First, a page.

Single Action Airbrush Explained!

If you have ever wondered the workings behind a single action airbrush, or simply why a specific subset of airbrushes are designated as “Single Action”? You have come to the right place! 

Like a majority of different hobbies and activities airbrushes come in a multitude of different options, styles, shapes ,sizes and so forth… In terms of airbrushing, one of the many options available is the single action airbrush.

What Is A Single Action Airbrush

An airbrush that is specified as “Single Action” simply refers to the mechanism controlling the airflow (The Trigger). 

In the case of a single action airbrush, it is precisely that, operated using 1 (single) action. This action is most commonly in the form of pressing down on a button located at the top of the airbrush.

For a little comparison to better illustrate the point. A double action airbrush (2 actions to operate) utilizes the 1st action for air flow (Pressing down on the trigger), and the 2nd action for paint flow (Pulling back on the trigger).

Where as the single action airbrush only allows for air flow at the trigger level. The paint flow must be adjusted using the needle adjustment knob located near the tail end of the airbrush

The single action airbrush operates similarly to a spray paint can. If you have ever used spray paint this should be quite easy to grasp. The spray paint can is operated by simply pressing down on the spray cap.


Well a single action airbrush is basically the same. The only difference between a spray paint can, and a single action airbrush is that the airbrush utilizes a needle that can be adjusted in order to achieve precise paint delivery.

How A Single Action Airbrush Works

Simply put, A single action airbrush utilizes the button located on top of the airbrush for air delivery, and the needle adjustment knob near the back for paint delivery / adjustment.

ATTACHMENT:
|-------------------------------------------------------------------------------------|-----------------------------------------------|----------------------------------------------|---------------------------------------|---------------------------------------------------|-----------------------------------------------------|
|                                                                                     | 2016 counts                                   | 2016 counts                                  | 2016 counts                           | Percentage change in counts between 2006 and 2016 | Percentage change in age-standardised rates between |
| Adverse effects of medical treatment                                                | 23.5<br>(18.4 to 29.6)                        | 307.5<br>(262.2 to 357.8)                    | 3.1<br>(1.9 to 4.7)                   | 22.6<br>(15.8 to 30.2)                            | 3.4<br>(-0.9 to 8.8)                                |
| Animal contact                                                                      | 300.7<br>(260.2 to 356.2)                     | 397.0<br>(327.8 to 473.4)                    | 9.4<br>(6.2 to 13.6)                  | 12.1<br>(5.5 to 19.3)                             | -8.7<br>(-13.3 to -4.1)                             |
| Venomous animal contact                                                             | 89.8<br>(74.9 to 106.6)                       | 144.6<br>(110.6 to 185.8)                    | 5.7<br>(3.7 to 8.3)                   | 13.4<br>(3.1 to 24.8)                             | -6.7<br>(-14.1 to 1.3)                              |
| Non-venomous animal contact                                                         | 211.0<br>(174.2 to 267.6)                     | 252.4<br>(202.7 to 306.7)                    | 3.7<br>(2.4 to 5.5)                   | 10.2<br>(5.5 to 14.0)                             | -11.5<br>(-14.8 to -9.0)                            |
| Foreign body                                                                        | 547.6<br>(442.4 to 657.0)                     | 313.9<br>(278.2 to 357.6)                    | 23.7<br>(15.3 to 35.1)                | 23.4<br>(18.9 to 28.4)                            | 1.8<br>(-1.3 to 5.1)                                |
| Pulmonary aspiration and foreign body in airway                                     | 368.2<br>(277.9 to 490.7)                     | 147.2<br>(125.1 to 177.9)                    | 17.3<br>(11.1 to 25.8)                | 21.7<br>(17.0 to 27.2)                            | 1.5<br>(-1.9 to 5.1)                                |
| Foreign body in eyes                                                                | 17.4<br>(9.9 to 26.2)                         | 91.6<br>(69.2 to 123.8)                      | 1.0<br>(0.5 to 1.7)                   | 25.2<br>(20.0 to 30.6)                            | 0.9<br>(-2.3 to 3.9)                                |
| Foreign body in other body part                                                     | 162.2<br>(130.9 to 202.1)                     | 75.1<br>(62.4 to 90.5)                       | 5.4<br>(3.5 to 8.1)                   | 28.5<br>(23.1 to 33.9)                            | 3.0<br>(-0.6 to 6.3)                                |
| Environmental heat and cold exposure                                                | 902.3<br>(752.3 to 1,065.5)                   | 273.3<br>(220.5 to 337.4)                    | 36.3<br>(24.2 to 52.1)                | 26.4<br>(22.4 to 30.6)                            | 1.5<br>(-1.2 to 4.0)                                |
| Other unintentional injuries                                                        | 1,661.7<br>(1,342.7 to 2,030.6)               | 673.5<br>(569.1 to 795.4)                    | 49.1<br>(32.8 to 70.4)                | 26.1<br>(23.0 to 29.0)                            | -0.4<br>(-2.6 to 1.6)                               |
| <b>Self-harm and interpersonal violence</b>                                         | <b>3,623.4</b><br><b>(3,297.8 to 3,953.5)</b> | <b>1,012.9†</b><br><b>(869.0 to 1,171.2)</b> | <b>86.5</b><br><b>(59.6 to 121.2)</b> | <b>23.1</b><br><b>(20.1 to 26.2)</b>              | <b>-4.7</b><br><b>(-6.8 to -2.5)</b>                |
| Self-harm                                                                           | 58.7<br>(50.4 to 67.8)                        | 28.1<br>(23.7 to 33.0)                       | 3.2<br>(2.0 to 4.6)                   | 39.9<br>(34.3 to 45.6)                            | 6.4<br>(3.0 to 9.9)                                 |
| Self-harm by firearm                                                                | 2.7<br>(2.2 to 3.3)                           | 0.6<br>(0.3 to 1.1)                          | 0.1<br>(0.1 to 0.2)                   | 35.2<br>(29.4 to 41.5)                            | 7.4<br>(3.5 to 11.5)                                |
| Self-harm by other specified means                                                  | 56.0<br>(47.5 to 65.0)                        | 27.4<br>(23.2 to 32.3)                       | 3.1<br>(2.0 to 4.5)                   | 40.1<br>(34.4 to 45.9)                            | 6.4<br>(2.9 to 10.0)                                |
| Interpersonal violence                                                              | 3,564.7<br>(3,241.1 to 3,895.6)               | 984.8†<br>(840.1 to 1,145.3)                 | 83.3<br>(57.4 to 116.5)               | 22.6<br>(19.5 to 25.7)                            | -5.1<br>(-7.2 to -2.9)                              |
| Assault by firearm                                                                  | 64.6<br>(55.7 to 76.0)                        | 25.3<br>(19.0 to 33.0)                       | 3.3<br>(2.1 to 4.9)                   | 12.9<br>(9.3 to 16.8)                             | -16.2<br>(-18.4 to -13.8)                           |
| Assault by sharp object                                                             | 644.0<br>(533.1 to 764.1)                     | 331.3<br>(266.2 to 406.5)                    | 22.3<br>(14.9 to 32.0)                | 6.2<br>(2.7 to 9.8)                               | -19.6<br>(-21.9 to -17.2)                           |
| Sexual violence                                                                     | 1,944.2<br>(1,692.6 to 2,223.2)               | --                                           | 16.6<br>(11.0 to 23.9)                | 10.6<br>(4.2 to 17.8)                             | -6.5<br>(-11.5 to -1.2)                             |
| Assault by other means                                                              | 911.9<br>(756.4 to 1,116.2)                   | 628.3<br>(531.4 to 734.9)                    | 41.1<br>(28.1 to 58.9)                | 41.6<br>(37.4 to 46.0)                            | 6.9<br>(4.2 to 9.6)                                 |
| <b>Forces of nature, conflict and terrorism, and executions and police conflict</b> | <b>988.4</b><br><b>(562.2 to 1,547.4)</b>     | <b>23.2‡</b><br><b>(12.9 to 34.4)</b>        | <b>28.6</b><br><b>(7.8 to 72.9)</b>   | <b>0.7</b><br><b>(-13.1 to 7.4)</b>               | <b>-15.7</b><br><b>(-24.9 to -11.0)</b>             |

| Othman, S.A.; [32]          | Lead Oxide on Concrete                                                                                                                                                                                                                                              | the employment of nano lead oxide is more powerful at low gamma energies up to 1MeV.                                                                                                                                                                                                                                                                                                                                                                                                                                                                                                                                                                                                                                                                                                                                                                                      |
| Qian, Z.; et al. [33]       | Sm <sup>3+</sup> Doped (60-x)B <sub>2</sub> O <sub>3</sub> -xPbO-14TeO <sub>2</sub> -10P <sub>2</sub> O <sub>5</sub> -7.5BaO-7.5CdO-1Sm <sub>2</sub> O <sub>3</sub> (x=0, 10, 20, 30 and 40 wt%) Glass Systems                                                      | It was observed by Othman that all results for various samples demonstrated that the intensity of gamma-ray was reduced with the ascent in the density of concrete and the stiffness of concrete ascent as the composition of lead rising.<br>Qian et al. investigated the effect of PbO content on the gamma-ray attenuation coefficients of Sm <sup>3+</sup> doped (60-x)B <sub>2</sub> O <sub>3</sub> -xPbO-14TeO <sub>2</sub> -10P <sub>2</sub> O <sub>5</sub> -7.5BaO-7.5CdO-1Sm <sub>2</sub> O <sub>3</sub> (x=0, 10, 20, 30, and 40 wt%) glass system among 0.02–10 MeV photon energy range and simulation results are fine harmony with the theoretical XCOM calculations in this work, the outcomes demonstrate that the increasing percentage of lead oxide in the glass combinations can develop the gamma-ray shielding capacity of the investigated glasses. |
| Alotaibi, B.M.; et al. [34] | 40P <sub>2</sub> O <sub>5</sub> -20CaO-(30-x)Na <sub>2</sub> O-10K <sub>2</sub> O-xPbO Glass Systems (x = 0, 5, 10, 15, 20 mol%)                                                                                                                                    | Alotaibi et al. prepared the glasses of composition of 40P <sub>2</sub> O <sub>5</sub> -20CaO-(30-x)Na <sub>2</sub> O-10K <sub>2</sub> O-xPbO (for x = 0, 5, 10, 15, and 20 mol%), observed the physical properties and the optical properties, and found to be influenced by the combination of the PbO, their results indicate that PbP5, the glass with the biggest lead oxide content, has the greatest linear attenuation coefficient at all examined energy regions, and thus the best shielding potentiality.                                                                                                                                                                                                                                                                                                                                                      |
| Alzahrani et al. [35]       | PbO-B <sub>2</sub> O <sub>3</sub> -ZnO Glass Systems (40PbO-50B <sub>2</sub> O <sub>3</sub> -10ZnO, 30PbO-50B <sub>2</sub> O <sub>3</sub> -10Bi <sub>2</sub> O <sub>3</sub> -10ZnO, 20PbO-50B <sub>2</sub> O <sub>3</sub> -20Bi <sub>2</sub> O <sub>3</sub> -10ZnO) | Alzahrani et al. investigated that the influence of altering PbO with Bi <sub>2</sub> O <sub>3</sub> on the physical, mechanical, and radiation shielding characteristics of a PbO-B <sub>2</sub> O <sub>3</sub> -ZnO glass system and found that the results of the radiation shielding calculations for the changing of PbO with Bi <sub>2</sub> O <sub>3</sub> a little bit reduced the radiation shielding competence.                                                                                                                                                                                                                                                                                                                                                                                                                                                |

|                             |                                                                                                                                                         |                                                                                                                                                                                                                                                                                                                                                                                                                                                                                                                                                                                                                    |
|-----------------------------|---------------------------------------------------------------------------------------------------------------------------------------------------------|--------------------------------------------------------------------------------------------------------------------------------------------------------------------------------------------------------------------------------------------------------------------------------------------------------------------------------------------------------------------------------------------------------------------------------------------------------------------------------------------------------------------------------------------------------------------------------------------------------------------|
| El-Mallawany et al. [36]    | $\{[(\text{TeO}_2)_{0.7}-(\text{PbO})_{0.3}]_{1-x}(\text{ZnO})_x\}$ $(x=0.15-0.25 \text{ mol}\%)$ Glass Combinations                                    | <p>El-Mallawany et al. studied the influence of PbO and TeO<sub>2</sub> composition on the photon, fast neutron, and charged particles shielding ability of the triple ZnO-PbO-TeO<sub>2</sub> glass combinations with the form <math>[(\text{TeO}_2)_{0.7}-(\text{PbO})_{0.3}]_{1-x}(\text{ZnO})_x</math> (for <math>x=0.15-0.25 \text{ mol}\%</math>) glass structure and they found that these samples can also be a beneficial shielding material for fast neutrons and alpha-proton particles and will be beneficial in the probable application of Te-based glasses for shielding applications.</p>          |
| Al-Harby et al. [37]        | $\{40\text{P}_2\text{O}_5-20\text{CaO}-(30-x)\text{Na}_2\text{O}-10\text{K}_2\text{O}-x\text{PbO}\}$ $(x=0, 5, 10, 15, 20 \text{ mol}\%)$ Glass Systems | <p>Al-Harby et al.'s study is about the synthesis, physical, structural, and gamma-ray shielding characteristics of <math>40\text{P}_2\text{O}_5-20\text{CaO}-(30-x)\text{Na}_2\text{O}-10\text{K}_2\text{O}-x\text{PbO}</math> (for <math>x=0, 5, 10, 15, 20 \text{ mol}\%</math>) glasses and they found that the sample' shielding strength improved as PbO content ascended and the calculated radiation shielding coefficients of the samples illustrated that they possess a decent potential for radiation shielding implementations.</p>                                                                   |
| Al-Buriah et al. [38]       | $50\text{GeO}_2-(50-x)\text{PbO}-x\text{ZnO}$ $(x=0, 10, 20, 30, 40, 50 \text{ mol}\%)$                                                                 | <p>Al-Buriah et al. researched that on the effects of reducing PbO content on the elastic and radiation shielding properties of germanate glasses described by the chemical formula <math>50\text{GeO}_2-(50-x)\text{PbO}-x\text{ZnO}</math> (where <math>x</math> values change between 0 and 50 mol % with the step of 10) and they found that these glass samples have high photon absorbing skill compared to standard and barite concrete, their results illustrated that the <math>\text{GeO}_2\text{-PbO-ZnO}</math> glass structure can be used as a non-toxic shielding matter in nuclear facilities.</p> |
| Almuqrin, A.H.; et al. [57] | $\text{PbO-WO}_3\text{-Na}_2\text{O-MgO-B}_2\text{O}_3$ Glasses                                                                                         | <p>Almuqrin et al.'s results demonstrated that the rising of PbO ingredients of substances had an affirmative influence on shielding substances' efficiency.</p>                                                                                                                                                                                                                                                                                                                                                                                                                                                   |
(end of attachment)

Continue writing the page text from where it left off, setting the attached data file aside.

The biggest downside to the single action airbrush is that it is limited in terms of “on the fly adjustment” as you paint. It is difficult to achieve patterns such as the “Dagger stroke” due to the inability to control the paint flow and airflow simultaneously.

Check out the video below for a demonstration, and presentation of different single action airbrushes.

Video By Scale Model Workshop

Operating A Single Action Airbrush

Let’s go through the process you would go through, if you were prepping to paint with a single action airbrush… Assuming you already have your airbrush hooked up, with paint ready to go.

First, you would begin with your needle screwed all the way in (In the seated position). You would achieve this by utilizing the knob located near the tail of the airbrush. By spinning the knob clockwise until it seats softly.

At this point, if you were to press the button on top of the airbrush you would only hear / see air exiting the nozzle of the airbrush. This is because the tip of the needle is currently plugging the tip making it impossible for paint to escape.

Second, in order to get paint delivery, you will begin by slowly turning the needle knob (located near the tail of the airbrush) counterclockwise. It is best to adjust the needle knob while pressing the airflow button simultaneously while aiming it at a spare canvas.

Soon you will begin to see paint hitting your canvas. At this point you will adjust the paint delivery based on the distance you intend on working from the canvas. Farther away will likely require more paint (Needle adjustment knob turned out), where as Nearer will require less paint (Needle adjustment knob turned in.

Adjusting A Single Action Airbrush

We already discussed this a little bit but I want to go deeper on the topic. Adjusting a single action airbrush is as easy as twisting the knob (located near the tail of the airbrush) clockwise, or counter clockwise.

But why would you need to adjust it?

Well, the closer you are to the canvas the less paint you are going to require. So, for example, say you have just finished spraying a large area in order to achieve a desired gradient. Now, you would like to get up close to your piece in order to pull out some of the finer detail.

If you were to go straight from spraying a large portion of the piece (at a distance) to getting up close and personal with your work in order to bring out detail, without any adjustment of the needle in between, you would likely end up with so much paint concentration that it would pool up and cause what is known as spidering. Click here to learn more about spidering.

The opposite is much more forgiving. Say in this example you were working on the detail portions of your piece (Spraying up close to your work), and soon moving toward shading. Well you likely will be shading at more of a distance from the canvas.

If you make the transition without any adjustment of the airbrush it is likely to seem as if paint is no longer coming out of the airbrush. I can assure you it still is (Unless, of course, its clogged) Just its coming out at such a fine spray that it can’t cover the larger surface area enough to notice.